First published October 2007.

This covers a few things: my 27th birthday: and what that means for applying for grants, Garret’s policy for the arts (pre election), and the idea of government subsidized productions (ie not depending on audiences for sustainability).

October is a funny month. Its spring here in Australia: things are budding and blossoming, bees are out investigating flowers, there’s cleaning to be done and plans to be made. In Canada it is the opposite, things are shutting down, turning colour, being harvested… is a time to batten down the hatches coz the winter is coming. It’s also the month in which my birthday appears: which sometimes falls on the Canadian Thanksgiving long weekend… a concept we don’t really understand here… but I celebrate my birthday with thanks anyway and I try to invert that dismay which comes from general birthday-reflection. I realised that my 27th birthday last year was the marker that separated me from youth/emerging to adult… the marker that the Australia Council and other funding bodies have sometimes marked as “26 and younger”. I am now 28 and in a different application strand… I am now theoretically old enough and experienced enough to play with the big kids… if I chose to do so.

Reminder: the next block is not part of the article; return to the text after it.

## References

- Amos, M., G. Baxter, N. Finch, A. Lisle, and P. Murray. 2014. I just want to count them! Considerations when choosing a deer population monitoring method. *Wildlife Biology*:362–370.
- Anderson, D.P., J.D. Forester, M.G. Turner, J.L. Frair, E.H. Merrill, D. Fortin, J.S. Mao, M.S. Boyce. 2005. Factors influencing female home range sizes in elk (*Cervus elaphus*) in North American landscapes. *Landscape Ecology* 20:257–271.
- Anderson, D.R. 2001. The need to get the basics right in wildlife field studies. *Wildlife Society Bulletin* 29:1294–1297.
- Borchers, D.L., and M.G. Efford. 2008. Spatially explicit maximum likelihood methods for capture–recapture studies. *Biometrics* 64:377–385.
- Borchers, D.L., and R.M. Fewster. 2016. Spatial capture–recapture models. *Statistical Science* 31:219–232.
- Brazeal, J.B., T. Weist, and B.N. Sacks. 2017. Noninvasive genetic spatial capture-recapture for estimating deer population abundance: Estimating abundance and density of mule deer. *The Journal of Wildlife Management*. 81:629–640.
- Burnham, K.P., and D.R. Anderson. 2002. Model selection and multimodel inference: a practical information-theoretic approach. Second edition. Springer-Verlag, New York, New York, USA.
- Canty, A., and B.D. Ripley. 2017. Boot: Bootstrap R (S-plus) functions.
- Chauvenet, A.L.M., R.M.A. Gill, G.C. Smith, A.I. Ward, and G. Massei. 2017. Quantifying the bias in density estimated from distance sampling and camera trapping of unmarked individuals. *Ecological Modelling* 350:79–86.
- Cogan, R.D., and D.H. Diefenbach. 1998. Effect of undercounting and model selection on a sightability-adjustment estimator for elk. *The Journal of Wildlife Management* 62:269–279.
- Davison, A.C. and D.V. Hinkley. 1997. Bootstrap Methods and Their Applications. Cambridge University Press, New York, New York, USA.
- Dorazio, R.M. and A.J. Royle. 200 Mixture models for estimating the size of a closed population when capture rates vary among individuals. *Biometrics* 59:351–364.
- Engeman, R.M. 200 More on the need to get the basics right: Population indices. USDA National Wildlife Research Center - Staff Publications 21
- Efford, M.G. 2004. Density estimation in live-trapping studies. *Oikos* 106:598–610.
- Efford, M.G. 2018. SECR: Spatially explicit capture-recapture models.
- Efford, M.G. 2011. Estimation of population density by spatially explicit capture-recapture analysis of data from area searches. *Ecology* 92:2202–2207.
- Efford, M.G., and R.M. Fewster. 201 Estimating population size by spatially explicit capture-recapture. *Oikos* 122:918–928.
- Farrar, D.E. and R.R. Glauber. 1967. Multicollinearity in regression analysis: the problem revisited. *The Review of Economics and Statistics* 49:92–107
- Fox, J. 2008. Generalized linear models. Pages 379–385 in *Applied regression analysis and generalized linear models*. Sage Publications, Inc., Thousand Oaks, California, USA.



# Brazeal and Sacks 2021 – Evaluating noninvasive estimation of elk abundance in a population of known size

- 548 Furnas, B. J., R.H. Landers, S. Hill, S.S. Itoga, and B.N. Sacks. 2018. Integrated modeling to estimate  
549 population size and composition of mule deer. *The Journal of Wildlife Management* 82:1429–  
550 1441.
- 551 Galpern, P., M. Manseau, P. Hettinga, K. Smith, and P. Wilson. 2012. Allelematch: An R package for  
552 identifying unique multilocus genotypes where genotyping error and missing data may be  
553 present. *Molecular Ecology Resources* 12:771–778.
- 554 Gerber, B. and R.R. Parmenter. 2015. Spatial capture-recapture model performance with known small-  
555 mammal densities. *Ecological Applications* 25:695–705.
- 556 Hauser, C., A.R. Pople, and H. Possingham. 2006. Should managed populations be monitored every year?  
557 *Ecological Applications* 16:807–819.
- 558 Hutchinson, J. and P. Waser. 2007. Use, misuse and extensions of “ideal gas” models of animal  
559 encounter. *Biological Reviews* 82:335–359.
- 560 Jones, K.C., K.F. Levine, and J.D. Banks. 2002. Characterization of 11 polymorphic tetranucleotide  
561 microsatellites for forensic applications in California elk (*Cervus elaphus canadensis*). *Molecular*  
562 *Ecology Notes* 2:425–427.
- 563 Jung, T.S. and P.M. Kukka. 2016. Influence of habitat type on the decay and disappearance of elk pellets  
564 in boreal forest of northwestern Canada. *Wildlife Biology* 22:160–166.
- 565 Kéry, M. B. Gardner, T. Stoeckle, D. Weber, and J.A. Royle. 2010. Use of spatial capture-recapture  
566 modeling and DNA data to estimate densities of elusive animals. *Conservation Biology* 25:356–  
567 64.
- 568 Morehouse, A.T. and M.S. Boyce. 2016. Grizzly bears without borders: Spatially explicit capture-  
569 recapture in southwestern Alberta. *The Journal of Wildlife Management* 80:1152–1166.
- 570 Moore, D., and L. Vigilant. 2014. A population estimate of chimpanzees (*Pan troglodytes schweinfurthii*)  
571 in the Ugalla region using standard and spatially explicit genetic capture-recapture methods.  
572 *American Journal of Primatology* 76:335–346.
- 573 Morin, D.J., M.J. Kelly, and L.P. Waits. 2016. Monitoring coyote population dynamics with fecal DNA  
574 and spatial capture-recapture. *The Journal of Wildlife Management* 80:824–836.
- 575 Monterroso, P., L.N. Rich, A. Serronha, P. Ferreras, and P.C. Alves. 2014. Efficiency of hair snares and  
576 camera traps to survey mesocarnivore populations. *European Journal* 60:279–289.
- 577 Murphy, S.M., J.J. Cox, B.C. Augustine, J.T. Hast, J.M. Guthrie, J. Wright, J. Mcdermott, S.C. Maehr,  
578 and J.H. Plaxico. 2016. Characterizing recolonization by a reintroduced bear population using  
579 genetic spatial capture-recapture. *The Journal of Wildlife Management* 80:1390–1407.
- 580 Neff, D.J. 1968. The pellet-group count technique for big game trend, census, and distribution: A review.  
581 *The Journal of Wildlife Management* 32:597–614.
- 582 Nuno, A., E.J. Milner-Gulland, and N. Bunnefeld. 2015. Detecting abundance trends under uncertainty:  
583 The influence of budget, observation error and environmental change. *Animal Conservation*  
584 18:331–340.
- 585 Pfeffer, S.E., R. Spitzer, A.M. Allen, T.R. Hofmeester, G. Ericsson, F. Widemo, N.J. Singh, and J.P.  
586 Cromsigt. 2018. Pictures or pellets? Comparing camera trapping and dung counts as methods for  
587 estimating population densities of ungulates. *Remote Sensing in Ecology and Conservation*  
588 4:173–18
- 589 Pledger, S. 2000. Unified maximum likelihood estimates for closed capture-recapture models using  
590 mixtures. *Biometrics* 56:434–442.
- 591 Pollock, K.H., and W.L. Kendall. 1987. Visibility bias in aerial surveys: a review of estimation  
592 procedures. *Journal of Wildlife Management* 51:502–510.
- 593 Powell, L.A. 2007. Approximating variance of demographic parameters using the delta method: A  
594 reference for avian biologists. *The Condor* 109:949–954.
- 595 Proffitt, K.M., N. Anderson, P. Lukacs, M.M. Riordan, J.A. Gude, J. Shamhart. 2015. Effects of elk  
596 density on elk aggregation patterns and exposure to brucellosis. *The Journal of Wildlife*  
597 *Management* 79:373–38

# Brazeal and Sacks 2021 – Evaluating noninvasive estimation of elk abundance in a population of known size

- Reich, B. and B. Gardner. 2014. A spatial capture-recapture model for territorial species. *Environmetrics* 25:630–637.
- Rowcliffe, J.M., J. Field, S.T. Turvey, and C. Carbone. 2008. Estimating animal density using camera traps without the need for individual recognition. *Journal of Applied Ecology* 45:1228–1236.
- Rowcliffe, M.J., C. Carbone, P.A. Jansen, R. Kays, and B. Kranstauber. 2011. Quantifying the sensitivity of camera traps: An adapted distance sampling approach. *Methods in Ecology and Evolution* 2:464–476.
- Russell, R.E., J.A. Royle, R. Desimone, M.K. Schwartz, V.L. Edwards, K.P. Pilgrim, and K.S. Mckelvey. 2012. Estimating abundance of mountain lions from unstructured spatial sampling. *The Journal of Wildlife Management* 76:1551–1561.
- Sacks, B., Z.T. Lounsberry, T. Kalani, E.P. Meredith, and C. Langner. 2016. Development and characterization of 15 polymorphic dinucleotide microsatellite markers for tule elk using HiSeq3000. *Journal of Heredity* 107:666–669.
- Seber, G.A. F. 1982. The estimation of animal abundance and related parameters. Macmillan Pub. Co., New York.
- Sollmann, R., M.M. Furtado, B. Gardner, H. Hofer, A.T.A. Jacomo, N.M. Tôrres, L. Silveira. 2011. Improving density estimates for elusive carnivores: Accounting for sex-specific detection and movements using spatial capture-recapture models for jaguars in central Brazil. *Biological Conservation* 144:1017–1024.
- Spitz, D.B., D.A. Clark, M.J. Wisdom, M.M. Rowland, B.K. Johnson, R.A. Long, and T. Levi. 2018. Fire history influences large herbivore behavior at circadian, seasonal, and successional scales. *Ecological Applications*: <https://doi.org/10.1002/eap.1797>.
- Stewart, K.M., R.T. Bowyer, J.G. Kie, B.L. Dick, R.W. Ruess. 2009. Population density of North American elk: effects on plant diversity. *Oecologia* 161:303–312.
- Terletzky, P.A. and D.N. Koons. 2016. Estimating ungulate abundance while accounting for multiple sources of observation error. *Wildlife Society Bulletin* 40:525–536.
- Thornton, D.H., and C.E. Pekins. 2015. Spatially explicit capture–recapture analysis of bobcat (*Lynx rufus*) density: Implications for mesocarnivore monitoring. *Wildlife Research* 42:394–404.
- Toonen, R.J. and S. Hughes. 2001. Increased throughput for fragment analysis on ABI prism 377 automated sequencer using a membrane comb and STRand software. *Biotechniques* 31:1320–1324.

I found a small tough wiry grey hair in the middle of my face framing voluminous locks. And I cried.

It’s not vanity… in fact I think I would look quite dashing with a white mane: like a Pegasus, or a girl-gandalf: after all, other white haired women of the theatre command respect. I’m just realising now what opportunities there were for me at 26 and under… but two of those years were spent in Canada. I now understand where I fit in. I am the “in between.” I am not young enough or established enough to successfully compete for funding. But then again, surely if I were interested in it: I would have done it? Or perhaps I am most interested in that which I feel I need to earn.

And in my birthday reflections I ask: why aren’t I further along than I am? Why do I persist in doing this: why am I working his day job… working that creative night job… writing, directing… talking… wanting… creating etc? Why don’t I just quit? What would be lost? What could I gain? Has everyone else been given the secret to succeeding but me? Its been 11 years since I have moved out of home and been supporting myself. If I am good at this, shouldn’t I have more to show for by now?